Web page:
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To Produce or not to Produce?

Written By: Lauren K. Dimitri, Esq.

In July of this year, the Appellate Division of the State Board of Workers’ Compensation rendered a decision on surveillance that has created quite the buzz in the Comp community. The Employee in State Board of Appeal #2013024225 appealed the administrative law judge’s order which granted the Employer’s motion for a protective order seeking protection of surveillance video that was taken of the Employee by an investigator hired by the Employer. The Employee argued that the administrative law judge abused his discretion in denying her motion to compel discovery of the video, while the Employer stood by its position that the video was protected from discovery as being prepared in anticipation of litigation.

The specific discovery request at issue asked for the identities of persons having knowledge relevant to the claim, whether the Employer had conducted surveillance of the Employee and, if so, the identities of the persons performing such surveillance and the dates of such surveillance, and “all documentary and non-documentary evidence including, but not limited to, tapes, recording[s], statements and/or transcriptions of same that support claimant’s contentions…” In response, the Employer disclosed that it conducted surveillance of the Employee, the dates of the surveillance and the identity of the investigator who performed the surveillance. The video, of course, was withheld as it was prepared during a time when actual litigation was pending.

Ultimately, in finding that the administrative law judge properly granted the Employer’s motion for a protective order, the Appellate Division recognized “the significant value of obtaining such surveillance is to evaluate the strengths of the parties’ contentions and to serve as potential impeachment evidence.” Specifically, the Board found that the Employee does not have a substantial need for the video before her discovery deposition. In fact, the Board went even further to state, “requiring their production prior to [the Employee’s] deposition would cause unnecessary harm to the Employer’s hearing preparation in that it would deprive them of the opportunity to obtain [the Employee’s] sworn testimony based on her candid recollections unrefreshed by materials generated by the Employer for this purpose.” However, the Board tempered its decision by finding that the Employee’s substantial need for the video can be met by production at any time prior to a hearing on the merits, as it gives the Employee a “reasonable opportunity” to review the material for authenticity, integrity and for the purpose of preparing rebuttal evidence.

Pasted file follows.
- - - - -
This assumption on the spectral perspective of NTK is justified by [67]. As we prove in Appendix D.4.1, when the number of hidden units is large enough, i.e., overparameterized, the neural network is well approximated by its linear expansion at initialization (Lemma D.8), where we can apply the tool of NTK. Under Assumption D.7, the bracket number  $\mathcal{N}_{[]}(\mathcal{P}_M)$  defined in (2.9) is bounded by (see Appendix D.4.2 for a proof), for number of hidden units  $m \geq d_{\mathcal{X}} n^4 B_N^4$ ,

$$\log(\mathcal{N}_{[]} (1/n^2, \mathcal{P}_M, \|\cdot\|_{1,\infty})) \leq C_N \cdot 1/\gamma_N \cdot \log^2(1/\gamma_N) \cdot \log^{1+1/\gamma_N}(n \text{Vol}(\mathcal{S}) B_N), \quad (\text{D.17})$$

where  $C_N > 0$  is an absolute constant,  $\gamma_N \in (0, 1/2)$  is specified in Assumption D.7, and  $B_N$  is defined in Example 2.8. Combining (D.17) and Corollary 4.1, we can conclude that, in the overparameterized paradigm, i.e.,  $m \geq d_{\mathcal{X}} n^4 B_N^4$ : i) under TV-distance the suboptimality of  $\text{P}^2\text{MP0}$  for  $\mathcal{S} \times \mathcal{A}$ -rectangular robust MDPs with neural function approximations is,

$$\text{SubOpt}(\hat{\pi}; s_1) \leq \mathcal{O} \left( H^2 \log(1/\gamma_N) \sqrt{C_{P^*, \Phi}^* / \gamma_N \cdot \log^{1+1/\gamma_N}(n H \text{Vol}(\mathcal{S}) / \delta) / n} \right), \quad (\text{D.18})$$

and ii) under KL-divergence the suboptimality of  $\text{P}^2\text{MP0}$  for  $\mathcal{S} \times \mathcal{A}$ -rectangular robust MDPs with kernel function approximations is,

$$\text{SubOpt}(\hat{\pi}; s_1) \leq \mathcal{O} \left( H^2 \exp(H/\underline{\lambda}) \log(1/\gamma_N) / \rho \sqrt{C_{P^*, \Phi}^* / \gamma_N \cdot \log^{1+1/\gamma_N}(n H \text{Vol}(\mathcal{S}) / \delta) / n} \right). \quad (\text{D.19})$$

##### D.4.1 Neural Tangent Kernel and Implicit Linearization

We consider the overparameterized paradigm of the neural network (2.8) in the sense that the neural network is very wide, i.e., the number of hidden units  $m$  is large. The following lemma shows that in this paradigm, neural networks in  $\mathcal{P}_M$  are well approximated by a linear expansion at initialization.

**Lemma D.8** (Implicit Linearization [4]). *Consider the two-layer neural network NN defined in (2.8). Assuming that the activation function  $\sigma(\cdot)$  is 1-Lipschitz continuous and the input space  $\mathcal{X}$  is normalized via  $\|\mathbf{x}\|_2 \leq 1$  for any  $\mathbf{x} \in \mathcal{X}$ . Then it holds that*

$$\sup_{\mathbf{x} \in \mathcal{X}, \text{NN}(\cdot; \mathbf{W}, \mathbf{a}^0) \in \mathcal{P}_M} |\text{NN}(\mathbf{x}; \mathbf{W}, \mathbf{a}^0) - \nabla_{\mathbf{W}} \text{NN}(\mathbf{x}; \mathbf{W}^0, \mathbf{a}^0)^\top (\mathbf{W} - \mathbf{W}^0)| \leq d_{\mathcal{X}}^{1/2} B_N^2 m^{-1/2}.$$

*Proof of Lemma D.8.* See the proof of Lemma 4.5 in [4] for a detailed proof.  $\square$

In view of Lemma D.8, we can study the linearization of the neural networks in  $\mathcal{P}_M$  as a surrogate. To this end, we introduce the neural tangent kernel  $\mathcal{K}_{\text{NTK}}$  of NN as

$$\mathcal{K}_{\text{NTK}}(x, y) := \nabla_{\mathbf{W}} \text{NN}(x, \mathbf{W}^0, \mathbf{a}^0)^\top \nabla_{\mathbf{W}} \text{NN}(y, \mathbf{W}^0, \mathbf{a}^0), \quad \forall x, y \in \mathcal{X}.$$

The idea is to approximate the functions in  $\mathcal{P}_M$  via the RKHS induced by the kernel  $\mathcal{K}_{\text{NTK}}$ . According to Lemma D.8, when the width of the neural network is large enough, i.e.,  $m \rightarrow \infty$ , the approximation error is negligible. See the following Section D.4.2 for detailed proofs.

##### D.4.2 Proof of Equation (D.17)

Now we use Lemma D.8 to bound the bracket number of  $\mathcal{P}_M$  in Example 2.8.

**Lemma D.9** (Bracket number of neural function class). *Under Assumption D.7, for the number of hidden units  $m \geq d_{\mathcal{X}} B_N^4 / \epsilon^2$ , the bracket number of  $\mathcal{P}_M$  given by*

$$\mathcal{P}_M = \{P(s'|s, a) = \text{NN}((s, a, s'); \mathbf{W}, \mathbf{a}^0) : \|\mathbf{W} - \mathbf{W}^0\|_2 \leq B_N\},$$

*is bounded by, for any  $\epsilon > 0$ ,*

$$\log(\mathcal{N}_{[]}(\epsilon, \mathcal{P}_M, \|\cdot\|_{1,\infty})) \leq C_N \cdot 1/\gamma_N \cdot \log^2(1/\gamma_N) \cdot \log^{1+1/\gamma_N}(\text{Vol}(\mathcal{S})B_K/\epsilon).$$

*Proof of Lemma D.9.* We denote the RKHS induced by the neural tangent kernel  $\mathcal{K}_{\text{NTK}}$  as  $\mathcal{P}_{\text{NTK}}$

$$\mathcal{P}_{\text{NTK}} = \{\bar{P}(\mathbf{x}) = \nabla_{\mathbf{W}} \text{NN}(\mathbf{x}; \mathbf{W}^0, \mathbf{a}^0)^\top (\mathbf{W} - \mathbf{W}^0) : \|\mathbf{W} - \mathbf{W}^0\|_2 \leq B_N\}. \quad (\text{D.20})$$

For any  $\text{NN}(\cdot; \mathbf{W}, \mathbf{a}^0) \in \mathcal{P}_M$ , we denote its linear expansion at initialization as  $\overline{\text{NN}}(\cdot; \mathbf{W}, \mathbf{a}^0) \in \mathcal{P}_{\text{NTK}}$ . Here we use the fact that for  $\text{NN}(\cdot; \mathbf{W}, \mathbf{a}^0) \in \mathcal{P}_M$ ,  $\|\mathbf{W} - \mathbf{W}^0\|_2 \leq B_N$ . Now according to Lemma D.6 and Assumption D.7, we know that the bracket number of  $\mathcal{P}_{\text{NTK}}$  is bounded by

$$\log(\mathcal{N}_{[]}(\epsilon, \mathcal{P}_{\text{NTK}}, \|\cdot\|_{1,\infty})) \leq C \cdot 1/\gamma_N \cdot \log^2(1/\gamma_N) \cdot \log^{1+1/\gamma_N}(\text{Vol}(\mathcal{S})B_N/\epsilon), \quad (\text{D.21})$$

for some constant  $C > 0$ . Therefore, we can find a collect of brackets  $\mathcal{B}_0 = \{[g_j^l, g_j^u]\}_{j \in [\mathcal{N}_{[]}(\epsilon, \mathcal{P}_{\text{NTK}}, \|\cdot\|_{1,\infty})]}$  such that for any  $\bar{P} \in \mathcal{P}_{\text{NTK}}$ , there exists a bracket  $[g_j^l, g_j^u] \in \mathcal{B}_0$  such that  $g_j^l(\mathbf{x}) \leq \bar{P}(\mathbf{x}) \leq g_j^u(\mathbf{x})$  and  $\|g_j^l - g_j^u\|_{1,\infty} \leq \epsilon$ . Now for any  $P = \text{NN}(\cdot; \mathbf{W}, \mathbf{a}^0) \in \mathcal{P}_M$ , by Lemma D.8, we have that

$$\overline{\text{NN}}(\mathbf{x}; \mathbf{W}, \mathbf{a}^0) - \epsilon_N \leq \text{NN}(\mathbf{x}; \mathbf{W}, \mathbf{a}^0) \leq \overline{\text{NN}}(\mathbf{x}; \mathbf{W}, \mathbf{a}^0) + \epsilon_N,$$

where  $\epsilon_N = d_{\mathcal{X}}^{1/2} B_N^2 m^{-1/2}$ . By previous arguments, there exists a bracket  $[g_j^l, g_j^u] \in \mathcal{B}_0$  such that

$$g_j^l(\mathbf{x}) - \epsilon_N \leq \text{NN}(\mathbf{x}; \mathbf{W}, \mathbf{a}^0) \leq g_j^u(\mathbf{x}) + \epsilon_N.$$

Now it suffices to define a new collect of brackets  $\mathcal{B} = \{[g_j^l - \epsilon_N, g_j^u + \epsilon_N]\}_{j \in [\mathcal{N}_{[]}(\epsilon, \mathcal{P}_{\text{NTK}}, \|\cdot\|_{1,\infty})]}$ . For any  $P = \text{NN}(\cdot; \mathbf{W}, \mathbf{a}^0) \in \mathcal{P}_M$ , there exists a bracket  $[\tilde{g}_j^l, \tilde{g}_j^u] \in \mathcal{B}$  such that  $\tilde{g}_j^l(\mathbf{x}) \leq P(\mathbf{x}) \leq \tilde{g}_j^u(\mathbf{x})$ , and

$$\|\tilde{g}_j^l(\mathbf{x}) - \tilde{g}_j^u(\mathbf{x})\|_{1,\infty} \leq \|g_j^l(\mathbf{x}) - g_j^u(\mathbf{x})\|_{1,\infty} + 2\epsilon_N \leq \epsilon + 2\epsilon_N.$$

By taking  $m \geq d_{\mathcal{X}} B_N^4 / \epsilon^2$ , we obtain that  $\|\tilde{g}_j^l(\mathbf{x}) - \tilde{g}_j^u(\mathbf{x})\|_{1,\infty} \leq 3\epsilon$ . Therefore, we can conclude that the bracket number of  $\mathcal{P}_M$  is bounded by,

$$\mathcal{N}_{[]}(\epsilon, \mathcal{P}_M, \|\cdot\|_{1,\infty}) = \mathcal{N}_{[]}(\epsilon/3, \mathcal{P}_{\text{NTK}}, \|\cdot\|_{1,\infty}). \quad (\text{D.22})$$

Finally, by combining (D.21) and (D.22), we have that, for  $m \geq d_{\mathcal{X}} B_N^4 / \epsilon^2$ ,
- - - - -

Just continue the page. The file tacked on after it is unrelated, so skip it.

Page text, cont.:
This decision essentially split the baby – the Employer is protected from giving up the goods initially, but ultimately must turn it over. However, at what point does the video need to be produced? Arguably, fairly soon after the Employee’s deposition or at some reasonable time prior to a hearing. The issue that may be further explored by a later challenge is the timeliness of the production. Moreover, what about other evidence, such as recorded statements? This decision should support the contention that an employee’s recorded statement, if one exists, is also protected until sometime after the employee’s deposition so long as it was created in anticipation of litigation. The lesson then, given the uncertainty of these peripheral issues, is that employers, employees and their counsel must consider how this opinion may play a role in current and future litigation.